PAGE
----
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Hospitals Lose Millions to Cancelled Appointments

24 May

 

While patients may not think much of not showing up for an appointment or canceling, it can have serious long-term consequences for hospitals and their bottom line. According to researchers involved in a 2009 study at Tulane University Medical Center, 327 of 4,876 (6.7 percent) scheduled elective outpatient surgeries were cancelled, which ended up costing the hospital almost $1 million for the year.
 
Since surgeries are responsible for about 60 percent of the hospital’s revenue, that loss had a major financial effect, says study author Sabrina Bent, MD, MS, clinical associate professor of anesthesiology and director of research at the Tulane University Department of Anesthesia, in New Orleans.
 
However, the researchers pointed out that patients who have a preoperative visit with an anesthesiologist are considerably more likely to keep their appointment in the operating room.
 
“People need to recognize that there is a cost to cancelled surgeries that is not insignificant,” said Dr. Bent, who presented the findings at this year’s American Society of Anesthesiologists Conference on Practice Management.
 
Much of cost associated with cancelled surgery stems from the fact that hospitals can’t fill in those slots with other surgical on short notice. 
 
One step in minimizing surgery cancellations is understanding why they happen in the first place. According to Dr. Bent, 30 percent of patients in the study didn’t show for their surgery due to transportation problems, confusion over the appointment date, forgetting about the appointment, among other reasons.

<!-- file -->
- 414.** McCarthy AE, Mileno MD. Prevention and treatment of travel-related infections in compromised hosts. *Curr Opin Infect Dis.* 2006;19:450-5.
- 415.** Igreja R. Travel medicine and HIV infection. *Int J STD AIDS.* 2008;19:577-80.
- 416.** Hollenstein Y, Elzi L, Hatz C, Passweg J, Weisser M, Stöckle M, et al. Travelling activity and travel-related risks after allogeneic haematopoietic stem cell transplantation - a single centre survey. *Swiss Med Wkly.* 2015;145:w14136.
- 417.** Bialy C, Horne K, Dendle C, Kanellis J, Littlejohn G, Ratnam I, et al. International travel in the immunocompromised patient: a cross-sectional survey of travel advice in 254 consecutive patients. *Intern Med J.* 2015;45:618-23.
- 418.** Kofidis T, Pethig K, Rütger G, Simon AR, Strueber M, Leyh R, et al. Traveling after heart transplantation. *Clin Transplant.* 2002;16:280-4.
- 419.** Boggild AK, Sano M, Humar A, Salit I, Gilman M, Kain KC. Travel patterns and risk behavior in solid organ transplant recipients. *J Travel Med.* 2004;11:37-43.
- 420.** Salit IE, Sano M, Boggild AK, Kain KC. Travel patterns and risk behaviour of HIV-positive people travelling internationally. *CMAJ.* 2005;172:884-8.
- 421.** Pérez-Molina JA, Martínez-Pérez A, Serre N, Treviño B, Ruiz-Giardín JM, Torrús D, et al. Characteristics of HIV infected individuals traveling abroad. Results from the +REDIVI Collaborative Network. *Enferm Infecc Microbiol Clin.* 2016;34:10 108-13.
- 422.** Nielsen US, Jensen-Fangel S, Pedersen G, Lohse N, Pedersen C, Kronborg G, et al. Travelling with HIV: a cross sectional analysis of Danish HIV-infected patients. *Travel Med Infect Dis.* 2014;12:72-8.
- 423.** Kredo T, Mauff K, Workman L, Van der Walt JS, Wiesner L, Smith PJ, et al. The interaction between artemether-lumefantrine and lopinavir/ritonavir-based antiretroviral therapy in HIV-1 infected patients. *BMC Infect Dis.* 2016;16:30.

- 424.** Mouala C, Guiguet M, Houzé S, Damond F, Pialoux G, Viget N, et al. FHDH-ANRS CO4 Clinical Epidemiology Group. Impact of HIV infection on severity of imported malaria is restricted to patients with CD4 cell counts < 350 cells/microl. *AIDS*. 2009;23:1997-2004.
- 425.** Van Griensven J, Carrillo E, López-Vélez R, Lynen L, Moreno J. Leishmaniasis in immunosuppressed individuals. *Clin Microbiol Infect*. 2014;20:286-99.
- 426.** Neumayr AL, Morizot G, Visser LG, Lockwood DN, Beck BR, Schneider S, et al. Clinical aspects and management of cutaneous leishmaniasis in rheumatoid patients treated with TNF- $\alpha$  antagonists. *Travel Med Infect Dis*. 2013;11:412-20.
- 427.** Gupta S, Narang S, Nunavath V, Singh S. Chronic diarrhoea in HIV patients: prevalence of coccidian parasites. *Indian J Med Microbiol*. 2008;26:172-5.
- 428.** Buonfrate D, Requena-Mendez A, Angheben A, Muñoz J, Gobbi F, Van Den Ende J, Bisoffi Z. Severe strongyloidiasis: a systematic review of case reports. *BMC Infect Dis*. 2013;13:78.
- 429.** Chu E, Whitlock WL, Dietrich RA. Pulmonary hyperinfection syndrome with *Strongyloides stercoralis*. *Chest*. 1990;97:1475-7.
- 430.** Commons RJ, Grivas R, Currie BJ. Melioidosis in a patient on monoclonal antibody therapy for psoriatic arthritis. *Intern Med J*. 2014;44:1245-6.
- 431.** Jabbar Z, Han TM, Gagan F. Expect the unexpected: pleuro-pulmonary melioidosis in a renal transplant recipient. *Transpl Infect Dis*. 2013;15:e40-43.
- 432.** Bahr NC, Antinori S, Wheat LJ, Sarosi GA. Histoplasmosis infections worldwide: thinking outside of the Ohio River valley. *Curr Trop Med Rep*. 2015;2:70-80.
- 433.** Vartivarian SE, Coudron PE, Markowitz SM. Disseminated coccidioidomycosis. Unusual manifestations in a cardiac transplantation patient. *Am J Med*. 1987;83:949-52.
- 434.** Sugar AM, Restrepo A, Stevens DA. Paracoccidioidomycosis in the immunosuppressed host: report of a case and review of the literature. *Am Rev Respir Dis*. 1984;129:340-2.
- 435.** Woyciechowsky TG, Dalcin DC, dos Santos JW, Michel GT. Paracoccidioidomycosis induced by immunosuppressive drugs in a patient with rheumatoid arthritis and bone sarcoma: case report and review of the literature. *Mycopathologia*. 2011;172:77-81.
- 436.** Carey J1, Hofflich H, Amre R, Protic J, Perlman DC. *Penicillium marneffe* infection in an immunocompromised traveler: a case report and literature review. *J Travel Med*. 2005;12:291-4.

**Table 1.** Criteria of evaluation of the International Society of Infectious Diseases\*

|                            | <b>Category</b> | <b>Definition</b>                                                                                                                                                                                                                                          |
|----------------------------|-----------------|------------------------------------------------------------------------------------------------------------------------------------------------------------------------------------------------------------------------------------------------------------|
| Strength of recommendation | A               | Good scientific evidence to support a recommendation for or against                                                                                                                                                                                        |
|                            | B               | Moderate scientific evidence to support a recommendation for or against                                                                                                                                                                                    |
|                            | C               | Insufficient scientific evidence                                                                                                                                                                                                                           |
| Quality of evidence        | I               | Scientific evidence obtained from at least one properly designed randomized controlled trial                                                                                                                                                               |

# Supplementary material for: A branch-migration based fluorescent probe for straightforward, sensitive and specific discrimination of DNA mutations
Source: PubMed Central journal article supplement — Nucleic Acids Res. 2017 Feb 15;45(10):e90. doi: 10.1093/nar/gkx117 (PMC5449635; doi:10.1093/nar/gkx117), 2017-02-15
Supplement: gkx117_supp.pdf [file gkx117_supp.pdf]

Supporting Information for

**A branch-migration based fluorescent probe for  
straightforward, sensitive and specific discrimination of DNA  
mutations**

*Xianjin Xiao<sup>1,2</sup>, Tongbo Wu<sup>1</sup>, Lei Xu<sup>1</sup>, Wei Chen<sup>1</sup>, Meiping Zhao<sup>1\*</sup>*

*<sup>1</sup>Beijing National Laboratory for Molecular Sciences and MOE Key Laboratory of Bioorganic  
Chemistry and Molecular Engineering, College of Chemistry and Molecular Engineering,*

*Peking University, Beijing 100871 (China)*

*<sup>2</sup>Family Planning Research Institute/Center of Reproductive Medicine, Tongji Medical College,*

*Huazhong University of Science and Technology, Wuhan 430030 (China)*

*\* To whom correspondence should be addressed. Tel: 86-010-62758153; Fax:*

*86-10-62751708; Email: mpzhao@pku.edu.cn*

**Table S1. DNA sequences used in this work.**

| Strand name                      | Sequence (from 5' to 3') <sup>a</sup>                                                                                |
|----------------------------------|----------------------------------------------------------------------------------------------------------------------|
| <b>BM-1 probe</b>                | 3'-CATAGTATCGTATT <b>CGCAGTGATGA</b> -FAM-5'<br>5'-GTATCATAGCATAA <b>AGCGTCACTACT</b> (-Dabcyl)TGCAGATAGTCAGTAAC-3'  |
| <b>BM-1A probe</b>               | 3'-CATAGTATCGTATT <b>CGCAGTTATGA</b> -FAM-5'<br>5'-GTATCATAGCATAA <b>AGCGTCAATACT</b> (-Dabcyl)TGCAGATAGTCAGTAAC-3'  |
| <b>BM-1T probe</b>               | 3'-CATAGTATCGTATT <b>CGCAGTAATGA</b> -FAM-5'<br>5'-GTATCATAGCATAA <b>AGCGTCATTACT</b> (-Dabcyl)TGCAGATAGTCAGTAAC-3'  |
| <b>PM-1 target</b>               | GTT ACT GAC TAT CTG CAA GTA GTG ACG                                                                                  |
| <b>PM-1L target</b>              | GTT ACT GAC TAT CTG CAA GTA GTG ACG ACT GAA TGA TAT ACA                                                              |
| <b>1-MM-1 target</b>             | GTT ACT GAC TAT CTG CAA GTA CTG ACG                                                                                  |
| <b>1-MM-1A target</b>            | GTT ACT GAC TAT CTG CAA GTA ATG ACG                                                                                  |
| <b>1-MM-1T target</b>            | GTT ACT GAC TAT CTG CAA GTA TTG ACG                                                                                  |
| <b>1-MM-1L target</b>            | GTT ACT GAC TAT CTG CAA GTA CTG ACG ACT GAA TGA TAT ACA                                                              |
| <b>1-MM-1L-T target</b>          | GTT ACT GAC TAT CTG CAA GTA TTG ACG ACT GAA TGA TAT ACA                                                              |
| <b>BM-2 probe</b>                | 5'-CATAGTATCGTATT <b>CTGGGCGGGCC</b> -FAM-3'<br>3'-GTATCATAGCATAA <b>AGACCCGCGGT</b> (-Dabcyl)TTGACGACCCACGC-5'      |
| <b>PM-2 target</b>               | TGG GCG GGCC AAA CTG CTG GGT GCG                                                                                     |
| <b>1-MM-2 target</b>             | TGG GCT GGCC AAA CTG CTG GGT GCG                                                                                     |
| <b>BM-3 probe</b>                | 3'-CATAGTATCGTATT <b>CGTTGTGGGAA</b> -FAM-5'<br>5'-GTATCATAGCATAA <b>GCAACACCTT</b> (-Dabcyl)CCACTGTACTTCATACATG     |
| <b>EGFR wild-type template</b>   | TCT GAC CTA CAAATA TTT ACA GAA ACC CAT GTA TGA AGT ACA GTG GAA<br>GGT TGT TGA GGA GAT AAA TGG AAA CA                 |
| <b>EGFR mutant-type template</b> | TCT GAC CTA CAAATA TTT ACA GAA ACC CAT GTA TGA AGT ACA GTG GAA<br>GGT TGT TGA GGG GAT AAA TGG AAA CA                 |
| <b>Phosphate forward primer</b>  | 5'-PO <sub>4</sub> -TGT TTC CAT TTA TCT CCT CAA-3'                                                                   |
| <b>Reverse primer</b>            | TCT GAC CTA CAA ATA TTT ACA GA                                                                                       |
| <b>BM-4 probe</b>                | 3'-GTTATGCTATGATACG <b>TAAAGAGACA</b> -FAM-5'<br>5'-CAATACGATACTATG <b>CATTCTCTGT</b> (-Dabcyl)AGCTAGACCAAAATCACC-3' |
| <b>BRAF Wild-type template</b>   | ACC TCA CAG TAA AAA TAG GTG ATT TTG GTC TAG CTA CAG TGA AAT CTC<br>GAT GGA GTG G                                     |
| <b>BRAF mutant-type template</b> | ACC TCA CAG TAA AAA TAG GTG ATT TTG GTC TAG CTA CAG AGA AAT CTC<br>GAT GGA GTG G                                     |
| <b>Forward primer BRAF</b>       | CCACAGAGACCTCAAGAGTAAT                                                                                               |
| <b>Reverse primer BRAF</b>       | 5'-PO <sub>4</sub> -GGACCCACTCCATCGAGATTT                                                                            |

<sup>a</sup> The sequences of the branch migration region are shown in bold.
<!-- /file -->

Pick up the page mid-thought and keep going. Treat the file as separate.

While those issues may be difficult to remedy, about a third of the cancellations were actually due to internal hospital issues, including a lack of beds or equipment and scheduling errors. Sometimes equipment is needed in two operating rooms at once, equipment fails, or there is no room in the ICU.
 
Researchers’ Recommendations
  • Dr. Bent and her colleagues recommend that hospitals make sure all patients have a preoperative visit with an anesthesiologist, since they found those patients had a 7 percent advantage in the cancellation rate (11 percent vs. 4 percent).
  • Make sure patients are medically ready for surgery and that they receive the proper preoperative instructions for the day of the procedure.
  • Improve equipment and resource allocation.
  • Hospitals should focus on areas they can have the biggest impact, such as the specialities with the highest cost associated with their cancellations. The top two were neurosurgery and urology, with an average cost per case of 5,962 and $4,758 respectively.
“I think this study suggests that it is reasonable for medical centers to bear a significant cost to maintain the anesthesia preoperative clinic,” said Dr. Glick, MD, MBA, associate professor of anesthesia and critical care at the University of Chicago. “It enables them to save more money down the line, when surgeries are not cancelled.”
 
 

CMS Proposes 2013 Pay Rate Hike for Hospitals

30 Apr

 

The Centers for Medicare & Medicaid Services (CMS) just issued a proposed rule to update 2013 Medicare, which includes a payment rate increase of 2.3 percent for inpatient stays at general acute care hospitals. The increase would raise total Medicare spending for inpatient hospital care by about $175 million.